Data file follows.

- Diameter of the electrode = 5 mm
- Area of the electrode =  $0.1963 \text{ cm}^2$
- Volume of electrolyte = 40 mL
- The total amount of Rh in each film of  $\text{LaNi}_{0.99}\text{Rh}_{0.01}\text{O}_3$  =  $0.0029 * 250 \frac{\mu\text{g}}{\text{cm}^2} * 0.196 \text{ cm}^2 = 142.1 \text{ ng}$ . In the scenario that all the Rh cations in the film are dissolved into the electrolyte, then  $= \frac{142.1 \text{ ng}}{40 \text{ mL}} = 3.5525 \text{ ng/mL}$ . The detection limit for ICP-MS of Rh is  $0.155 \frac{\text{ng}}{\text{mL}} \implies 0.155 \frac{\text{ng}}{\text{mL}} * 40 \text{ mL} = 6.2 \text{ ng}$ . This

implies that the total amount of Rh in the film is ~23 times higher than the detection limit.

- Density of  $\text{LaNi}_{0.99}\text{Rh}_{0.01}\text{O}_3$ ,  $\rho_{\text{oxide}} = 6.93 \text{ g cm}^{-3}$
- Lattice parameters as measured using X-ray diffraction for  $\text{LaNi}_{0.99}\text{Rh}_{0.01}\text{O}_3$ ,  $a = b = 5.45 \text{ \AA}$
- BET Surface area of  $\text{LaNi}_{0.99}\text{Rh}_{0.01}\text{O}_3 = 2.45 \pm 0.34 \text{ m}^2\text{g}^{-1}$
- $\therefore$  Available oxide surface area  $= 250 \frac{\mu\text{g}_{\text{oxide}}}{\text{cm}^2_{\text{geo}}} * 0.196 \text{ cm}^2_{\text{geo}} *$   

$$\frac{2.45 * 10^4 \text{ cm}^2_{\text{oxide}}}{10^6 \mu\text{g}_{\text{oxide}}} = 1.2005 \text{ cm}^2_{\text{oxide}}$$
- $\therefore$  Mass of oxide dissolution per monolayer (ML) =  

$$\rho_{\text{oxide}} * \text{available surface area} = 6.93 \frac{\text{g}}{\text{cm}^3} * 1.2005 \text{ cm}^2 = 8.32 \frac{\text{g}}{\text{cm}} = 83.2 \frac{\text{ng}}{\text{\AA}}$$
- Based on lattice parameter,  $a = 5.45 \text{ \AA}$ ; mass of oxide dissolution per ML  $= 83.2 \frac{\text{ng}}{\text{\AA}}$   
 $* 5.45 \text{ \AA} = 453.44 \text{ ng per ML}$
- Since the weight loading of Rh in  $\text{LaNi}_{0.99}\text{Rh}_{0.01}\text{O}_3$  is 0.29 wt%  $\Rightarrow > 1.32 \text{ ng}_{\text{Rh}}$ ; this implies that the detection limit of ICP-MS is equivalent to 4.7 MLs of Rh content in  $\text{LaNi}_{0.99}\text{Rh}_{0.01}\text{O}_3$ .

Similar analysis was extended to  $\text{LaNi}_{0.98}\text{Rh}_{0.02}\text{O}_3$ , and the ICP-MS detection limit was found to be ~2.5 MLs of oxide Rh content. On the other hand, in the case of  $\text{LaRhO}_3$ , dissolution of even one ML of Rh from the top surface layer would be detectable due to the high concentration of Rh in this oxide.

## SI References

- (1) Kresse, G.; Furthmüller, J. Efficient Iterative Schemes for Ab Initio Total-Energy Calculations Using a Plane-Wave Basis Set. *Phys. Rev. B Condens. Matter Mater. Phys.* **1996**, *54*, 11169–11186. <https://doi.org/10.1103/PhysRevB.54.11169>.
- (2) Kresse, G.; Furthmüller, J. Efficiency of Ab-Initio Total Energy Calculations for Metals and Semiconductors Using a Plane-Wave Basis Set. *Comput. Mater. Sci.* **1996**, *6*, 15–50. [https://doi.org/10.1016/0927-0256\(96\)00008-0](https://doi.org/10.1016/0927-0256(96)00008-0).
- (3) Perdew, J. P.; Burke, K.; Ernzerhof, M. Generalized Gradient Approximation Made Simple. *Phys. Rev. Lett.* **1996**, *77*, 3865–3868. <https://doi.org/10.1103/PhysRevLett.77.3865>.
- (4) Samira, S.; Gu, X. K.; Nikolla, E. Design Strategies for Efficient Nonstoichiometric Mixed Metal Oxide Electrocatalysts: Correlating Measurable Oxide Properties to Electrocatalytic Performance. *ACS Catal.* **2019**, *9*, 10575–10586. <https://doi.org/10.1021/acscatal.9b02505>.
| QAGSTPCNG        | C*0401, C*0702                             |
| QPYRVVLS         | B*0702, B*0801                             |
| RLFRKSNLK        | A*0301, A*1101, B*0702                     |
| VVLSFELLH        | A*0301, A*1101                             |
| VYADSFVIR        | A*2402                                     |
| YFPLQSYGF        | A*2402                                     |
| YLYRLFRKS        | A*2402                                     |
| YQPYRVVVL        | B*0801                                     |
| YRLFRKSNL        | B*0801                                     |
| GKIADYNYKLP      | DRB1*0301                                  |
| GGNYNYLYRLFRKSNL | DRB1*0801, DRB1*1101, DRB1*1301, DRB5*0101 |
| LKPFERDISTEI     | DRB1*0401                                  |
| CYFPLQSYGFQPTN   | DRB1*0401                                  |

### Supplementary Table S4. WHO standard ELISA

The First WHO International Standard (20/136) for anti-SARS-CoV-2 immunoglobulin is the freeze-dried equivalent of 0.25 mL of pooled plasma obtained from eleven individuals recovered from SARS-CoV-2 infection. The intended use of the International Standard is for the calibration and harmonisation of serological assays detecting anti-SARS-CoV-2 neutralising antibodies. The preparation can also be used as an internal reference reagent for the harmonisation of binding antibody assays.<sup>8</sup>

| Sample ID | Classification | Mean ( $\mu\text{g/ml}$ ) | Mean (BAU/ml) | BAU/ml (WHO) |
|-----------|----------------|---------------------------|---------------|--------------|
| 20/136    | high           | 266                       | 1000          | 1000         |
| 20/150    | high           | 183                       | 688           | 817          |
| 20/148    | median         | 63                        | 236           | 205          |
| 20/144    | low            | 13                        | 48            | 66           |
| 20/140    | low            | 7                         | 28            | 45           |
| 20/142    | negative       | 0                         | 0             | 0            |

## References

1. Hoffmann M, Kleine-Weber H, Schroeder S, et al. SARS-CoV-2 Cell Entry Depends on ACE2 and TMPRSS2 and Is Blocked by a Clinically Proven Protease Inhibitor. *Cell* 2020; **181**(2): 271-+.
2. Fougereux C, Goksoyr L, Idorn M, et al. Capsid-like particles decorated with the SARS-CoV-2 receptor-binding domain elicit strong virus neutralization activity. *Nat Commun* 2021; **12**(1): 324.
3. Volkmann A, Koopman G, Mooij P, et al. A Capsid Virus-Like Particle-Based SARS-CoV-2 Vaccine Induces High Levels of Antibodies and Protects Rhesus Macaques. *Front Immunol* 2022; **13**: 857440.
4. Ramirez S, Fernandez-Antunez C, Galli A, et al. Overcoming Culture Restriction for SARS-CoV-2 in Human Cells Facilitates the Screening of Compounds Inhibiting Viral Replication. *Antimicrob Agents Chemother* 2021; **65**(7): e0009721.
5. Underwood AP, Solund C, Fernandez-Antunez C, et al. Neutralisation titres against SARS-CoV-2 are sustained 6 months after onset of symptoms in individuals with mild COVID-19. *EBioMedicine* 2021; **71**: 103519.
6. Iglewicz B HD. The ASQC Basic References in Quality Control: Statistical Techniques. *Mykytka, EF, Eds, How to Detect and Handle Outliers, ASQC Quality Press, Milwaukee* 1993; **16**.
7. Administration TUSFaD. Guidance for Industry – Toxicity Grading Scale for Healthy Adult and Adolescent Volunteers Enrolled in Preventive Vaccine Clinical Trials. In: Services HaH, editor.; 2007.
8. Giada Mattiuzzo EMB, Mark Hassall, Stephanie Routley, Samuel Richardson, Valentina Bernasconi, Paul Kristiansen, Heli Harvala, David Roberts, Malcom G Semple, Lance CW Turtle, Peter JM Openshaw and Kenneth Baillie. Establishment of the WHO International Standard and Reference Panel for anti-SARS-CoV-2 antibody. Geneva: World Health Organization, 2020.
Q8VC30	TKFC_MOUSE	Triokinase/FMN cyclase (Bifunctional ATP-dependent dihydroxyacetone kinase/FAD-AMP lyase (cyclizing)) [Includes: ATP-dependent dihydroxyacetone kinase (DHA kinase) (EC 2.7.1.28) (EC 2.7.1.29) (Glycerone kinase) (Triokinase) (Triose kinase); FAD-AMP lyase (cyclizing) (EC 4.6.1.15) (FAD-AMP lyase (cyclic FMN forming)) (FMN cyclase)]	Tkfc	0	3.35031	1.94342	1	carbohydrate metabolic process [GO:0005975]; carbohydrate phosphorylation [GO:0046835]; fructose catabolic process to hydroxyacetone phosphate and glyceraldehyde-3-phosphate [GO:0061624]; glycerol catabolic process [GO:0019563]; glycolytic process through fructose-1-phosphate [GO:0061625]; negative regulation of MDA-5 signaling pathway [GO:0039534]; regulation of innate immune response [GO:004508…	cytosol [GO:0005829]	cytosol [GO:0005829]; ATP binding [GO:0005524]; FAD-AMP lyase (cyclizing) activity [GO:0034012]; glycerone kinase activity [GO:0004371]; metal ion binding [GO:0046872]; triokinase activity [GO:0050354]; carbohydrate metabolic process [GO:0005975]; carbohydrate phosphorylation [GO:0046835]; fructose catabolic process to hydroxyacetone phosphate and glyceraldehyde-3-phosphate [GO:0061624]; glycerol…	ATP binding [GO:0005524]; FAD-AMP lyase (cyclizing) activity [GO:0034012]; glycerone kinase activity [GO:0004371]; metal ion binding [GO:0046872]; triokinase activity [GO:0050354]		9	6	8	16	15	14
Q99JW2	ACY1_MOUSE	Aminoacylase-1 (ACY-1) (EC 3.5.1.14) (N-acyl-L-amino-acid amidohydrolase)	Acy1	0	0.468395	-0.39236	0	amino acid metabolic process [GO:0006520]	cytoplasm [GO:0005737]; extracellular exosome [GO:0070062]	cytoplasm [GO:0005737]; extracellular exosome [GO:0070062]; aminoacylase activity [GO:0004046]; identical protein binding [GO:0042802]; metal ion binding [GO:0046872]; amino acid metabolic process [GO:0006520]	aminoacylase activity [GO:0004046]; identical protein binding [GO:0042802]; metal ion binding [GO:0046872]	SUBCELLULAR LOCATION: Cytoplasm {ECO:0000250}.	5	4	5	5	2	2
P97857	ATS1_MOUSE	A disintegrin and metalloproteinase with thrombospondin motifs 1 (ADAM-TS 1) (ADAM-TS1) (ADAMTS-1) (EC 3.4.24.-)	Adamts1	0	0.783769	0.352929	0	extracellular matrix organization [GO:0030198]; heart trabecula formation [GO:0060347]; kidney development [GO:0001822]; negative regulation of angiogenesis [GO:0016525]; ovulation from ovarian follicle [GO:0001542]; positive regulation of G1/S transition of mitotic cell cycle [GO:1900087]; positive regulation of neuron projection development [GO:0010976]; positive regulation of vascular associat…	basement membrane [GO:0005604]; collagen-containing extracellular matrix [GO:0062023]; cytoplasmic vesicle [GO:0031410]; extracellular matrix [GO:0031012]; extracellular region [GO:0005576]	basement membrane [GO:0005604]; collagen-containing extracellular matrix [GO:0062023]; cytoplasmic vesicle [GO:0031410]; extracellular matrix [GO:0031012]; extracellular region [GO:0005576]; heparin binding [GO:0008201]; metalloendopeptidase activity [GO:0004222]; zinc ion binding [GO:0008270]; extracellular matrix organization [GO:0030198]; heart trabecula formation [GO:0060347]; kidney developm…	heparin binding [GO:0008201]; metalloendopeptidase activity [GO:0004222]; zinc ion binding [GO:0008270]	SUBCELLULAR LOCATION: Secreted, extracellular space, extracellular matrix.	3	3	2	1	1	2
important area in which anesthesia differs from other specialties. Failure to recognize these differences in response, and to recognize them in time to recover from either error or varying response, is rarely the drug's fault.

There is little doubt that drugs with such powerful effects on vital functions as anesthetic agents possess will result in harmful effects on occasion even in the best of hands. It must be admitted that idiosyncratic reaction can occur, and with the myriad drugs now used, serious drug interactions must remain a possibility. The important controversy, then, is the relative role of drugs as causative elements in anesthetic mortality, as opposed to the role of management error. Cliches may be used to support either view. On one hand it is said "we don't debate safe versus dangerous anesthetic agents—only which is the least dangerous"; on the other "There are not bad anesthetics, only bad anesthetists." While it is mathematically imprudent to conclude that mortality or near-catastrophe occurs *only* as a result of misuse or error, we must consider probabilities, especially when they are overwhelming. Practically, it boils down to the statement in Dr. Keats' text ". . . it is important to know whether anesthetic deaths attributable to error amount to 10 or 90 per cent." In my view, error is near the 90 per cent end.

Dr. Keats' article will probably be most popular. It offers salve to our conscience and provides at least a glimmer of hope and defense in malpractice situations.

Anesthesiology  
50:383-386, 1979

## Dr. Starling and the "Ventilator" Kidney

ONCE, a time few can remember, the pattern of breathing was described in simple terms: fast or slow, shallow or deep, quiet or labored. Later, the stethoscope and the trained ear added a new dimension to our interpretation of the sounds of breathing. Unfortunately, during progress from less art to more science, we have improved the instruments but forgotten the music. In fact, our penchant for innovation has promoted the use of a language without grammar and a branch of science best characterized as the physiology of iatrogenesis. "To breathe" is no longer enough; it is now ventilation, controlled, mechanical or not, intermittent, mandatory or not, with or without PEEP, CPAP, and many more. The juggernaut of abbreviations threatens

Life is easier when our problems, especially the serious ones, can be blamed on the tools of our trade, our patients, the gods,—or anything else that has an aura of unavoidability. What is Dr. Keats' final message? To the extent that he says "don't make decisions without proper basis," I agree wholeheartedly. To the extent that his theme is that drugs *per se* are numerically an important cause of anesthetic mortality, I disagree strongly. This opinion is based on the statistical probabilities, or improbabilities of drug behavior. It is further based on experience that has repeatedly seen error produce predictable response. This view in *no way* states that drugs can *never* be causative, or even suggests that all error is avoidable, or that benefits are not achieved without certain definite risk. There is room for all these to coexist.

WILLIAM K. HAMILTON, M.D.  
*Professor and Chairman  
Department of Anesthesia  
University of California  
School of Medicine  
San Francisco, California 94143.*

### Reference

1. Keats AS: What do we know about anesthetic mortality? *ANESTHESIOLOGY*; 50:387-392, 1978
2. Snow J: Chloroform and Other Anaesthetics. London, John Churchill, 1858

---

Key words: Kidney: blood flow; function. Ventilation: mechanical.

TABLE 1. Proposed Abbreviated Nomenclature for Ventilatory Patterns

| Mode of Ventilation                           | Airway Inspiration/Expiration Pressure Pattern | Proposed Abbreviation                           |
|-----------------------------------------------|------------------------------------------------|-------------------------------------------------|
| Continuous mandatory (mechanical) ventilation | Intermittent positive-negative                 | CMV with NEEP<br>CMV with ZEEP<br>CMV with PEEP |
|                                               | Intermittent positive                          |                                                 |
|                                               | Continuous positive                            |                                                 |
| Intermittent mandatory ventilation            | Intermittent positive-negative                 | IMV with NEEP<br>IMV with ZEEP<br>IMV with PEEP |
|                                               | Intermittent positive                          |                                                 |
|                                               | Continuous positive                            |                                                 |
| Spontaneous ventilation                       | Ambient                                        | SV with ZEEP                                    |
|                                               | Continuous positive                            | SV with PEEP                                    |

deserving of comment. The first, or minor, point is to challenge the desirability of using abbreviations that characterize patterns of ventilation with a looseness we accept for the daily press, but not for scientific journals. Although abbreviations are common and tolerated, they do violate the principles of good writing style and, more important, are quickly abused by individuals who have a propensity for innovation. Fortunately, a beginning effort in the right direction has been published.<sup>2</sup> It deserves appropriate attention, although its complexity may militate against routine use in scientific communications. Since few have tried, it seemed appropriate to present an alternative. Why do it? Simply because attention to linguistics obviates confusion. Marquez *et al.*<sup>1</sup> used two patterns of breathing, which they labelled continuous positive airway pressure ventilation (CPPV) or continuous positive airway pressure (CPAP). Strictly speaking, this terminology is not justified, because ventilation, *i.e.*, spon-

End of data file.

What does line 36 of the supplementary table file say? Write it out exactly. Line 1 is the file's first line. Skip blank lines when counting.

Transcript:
The First WHO International Standard (20/136) for anti-SARS-CoV-2 immunoglobulin is the freeze-dried equivalent of 0.25 mL of pooled plasma obtained from eleven individuals recovered from SARS-CoV-2 infection. The intended use of the International Standard is for the calibration and harmonisation of serological assays detecting anti-SARS-CoV-2 neutralising antibodies. The preparation can also be used as an internal reference reagent for the harmonisation of binding antibody assays.<sup>8</sup>